Prince Bandar has served as Saudi Arabia's ambassador to the U.S. since 1983 and in this interview speaks candidly about the problems within his own country, about relations between the U.S., Saudi Arabia and other Middle East governments, and about Saudi Arabia's role in the fight against terrorism. This interview was conducted by correspondent Lowell Bergman for two of FRONTLINE's post 9/11 reports: "Looking for Answers" (Oct. 2001) and "Saudi Time Bomb?" (Nov. 2001).

Prince Saud al-Faisal

The Foreign Minister of Saudi Arabia, Prince Saud discusses here the course the government needs to take in balancing the forces of tradition and modernity without damaging "social cohesion." He emphasizes that the nation has to change in its own way, "You cannot bring ready-made solutions to a country that's completely different. Saudi Arabia is not New Zealand." Responding to the question of whether a monarchy with absolute authority fits the 21st century, Prince Saud is confident. "When oil came in the '50s, they said this country cannot survive because the wealth will change the underpinnings of government. But it's here. In the '60s, when they were calling Nasser the wave of the future, Nasser went away. The government is still here. After the liberation of Kuwait, they were saying that hundreds of thousands of American troops in Saudi Arabia would surely mean the death knell of the kingdom of Saudi Arabia. It is still here. For an anachronism, we have shown tremendous permanence, I think." This interview was conducted by producer Martin Smith on Dec. 15, 2004 in Riyadh.

Sheikh Nasser al-Omar

A Wahhabi fundamentalist, Sheikh al-Omar has opposed the rewriting of Saudi religious textbooks to eliminate anti-Western, anti-Jewish teachings and he recently was one of 26 prominent Saudi clerics who signed a fatwa saying that Iraqis should rise up and oppose the Americans in Iraq. He denies this fatwa could be interpreted as encouraging all Muslims to go fight the Americans. Sheikh al-Omar says all his statements and actions are about a fundamental opposition to the West's - specifically America's -- interference in Muslims' lives, culture, and beliefs. "I believe that America is interfering in the essentials of our religion and in the fundamentals of our relationships. … Did we ever interfere in the American curriculum, which includes direct hostility to Muslims and specifically to the kingdom? Did we ever interfere in American affairs knowing that the American social affairs are abundant with flaws and need to be altered?" This interview, translated from Arabic, was conducted by producer Martin Smith on Dec. 17, 2004 in Riyadh.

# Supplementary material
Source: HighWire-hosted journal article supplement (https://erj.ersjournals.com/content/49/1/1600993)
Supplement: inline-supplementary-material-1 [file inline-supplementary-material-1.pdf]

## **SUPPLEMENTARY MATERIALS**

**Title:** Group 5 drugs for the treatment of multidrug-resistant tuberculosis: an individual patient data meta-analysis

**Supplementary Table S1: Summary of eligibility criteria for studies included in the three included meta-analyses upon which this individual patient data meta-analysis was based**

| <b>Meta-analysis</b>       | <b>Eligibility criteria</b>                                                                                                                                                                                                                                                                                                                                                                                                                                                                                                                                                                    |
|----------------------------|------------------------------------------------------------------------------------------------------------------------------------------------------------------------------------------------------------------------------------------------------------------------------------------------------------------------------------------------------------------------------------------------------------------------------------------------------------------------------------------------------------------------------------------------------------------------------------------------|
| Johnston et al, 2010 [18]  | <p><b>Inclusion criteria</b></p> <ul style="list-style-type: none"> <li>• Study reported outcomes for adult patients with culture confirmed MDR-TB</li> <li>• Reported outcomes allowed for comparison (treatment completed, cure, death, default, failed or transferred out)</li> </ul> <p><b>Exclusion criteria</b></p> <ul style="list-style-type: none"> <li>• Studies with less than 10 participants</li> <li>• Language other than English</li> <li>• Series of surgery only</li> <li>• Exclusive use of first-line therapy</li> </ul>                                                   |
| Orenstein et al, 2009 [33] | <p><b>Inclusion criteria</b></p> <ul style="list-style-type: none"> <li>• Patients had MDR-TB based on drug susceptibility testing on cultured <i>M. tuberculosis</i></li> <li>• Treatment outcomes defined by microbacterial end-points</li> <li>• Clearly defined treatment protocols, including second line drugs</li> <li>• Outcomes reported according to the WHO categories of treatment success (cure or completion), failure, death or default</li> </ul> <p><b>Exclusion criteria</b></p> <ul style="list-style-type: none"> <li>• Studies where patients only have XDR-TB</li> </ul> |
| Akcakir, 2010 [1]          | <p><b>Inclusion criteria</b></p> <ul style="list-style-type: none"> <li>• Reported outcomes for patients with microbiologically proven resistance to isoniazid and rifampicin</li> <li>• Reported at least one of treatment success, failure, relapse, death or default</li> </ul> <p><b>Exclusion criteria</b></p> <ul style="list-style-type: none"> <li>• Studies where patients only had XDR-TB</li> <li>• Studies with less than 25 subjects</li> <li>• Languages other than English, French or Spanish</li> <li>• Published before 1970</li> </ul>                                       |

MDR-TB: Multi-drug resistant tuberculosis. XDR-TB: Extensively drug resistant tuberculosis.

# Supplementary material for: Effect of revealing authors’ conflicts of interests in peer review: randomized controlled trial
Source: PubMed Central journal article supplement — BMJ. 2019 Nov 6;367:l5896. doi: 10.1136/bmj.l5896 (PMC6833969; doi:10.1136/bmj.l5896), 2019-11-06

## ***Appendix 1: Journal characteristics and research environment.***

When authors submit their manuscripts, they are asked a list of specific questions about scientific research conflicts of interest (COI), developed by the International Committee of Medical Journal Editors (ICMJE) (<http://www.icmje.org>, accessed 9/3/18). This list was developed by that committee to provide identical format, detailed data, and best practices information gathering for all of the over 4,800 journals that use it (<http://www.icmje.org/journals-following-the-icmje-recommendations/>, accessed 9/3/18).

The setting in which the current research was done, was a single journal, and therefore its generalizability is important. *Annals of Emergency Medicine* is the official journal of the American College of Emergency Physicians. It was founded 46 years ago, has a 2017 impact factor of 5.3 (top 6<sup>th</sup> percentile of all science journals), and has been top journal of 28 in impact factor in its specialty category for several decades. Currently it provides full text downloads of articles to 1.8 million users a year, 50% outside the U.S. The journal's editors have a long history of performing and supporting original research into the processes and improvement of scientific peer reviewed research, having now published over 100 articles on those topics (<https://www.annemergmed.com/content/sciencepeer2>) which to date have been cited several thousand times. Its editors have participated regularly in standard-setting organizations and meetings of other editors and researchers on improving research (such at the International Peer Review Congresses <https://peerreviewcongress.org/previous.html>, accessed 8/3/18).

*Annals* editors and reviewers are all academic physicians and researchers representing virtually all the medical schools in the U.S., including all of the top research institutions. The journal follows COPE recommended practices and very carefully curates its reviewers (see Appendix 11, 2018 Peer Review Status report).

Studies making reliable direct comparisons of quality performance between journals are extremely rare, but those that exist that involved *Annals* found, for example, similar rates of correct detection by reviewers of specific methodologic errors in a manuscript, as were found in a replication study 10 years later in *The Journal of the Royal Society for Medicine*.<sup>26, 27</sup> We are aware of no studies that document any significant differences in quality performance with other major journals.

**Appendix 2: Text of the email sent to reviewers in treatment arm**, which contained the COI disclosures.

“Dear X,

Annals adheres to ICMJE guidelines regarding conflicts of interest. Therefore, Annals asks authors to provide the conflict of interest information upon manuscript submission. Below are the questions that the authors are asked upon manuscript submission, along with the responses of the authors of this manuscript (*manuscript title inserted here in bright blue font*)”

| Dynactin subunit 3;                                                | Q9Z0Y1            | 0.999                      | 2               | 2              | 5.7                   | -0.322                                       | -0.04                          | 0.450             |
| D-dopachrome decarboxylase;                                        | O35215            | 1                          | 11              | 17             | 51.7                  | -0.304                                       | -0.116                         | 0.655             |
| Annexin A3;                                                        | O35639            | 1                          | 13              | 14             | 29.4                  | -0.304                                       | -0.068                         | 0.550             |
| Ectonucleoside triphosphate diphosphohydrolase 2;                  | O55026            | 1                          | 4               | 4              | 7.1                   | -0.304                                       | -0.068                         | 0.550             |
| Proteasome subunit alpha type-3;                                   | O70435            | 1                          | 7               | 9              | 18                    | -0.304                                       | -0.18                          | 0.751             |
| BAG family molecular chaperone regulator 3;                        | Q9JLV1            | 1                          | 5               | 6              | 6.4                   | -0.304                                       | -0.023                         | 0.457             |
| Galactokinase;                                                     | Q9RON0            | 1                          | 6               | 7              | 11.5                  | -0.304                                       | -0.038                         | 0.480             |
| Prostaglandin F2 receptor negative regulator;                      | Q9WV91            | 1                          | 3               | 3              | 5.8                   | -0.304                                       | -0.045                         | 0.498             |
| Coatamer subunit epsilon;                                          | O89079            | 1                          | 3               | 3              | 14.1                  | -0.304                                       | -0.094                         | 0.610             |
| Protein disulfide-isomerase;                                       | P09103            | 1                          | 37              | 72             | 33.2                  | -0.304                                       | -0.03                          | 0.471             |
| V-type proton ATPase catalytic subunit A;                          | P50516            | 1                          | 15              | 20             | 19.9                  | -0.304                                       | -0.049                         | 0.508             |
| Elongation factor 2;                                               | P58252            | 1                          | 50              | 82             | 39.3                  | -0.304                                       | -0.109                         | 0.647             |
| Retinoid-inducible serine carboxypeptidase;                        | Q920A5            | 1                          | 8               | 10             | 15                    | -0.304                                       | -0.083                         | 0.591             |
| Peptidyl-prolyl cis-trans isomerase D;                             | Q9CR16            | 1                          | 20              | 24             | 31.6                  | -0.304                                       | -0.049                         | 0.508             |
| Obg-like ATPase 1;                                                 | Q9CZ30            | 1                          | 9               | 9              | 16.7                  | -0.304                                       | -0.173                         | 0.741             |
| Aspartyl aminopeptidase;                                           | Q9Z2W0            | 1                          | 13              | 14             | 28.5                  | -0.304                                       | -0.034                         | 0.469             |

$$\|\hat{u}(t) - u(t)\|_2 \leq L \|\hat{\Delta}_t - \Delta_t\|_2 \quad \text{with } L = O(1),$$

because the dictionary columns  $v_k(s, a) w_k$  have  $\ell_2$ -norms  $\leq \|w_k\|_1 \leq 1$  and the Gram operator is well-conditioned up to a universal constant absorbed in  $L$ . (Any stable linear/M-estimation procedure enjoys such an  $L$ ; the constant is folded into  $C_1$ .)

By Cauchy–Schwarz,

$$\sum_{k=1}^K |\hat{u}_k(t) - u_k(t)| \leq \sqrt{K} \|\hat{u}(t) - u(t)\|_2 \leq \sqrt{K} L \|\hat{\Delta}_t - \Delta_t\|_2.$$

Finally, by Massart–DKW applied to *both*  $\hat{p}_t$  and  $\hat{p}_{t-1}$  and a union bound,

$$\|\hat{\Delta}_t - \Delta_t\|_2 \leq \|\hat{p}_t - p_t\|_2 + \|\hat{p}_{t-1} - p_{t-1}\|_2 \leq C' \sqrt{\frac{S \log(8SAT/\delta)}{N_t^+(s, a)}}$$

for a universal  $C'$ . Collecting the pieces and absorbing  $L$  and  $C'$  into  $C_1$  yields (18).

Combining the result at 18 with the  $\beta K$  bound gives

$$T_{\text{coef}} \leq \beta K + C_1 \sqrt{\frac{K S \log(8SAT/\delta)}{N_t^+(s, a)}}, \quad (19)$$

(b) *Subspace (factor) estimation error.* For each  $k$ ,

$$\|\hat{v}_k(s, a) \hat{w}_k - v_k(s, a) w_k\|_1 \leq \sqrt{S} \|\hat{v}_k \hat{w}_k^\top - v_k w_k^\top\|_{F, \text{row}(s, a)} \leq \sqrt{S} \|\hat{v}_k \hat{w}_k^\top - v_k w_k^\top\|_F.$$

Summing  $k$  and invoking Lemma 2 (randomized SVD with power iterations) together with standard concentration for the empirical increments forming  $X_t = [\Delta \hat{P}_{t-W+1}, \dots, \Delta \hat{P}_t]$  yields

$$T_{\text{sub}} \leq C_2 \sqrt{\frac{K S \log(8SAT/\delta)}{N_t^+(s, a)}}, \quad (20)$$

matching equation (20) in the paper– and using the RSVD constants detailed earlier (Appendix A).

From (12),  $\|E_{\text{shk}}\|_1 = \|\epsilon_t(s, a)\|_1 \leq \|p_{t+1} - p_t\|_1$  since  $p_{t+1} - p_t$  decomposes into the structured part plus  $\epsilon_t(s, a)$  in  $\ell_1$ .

Sheikh Nasser al-Omar

Sheikh Saleh al-Sheikh has been Saudi Arabia's Minister of Islamic Affairs, Endowment and Dawa since 1999. The Saudi government, he says, "believes in progress" and he explains how it recently disciplined imams who preach hatred against Jews, Christians and the West. But anti-American sentiment still exists he says because of the Palestinian conflict, Iraq, and the war against the Taliban in Afghanistan, and he offers his views on the anti-Christian and anti-Jewish programs that air on Saudi television. This interview, translated from Arabic, was conducted by producer Martin Smith on Dec. 13, 2004 in Riyadh.

Dr. Sulaiman al-Hattlan

He is an American-educated Saudi journalist and columnist for the Saudi daily newspaper, Al Watan. Here, he talks about why intolerance and extremism took root in Saudi society following the relatively liberal decades of the '50, '60s and '70s, and he explains the difficult situation facing people like himself who want to challenge the conventional wisdom that "Saudia Arabia is perfect, the West is bad." Near the end of his interview he talks about some of the positive things that are slowly happening despite the obstacles: "My father's generation was happy with whatever the government was saying. My generation is critical of almost everything the government is doing, which is a positive thing to have." This interview was conducted by producer Martin Smith on Dec. 10, 2004 in Riyadh.

Foreign diplomats, journalists and oil executives

Hermann F. Eilts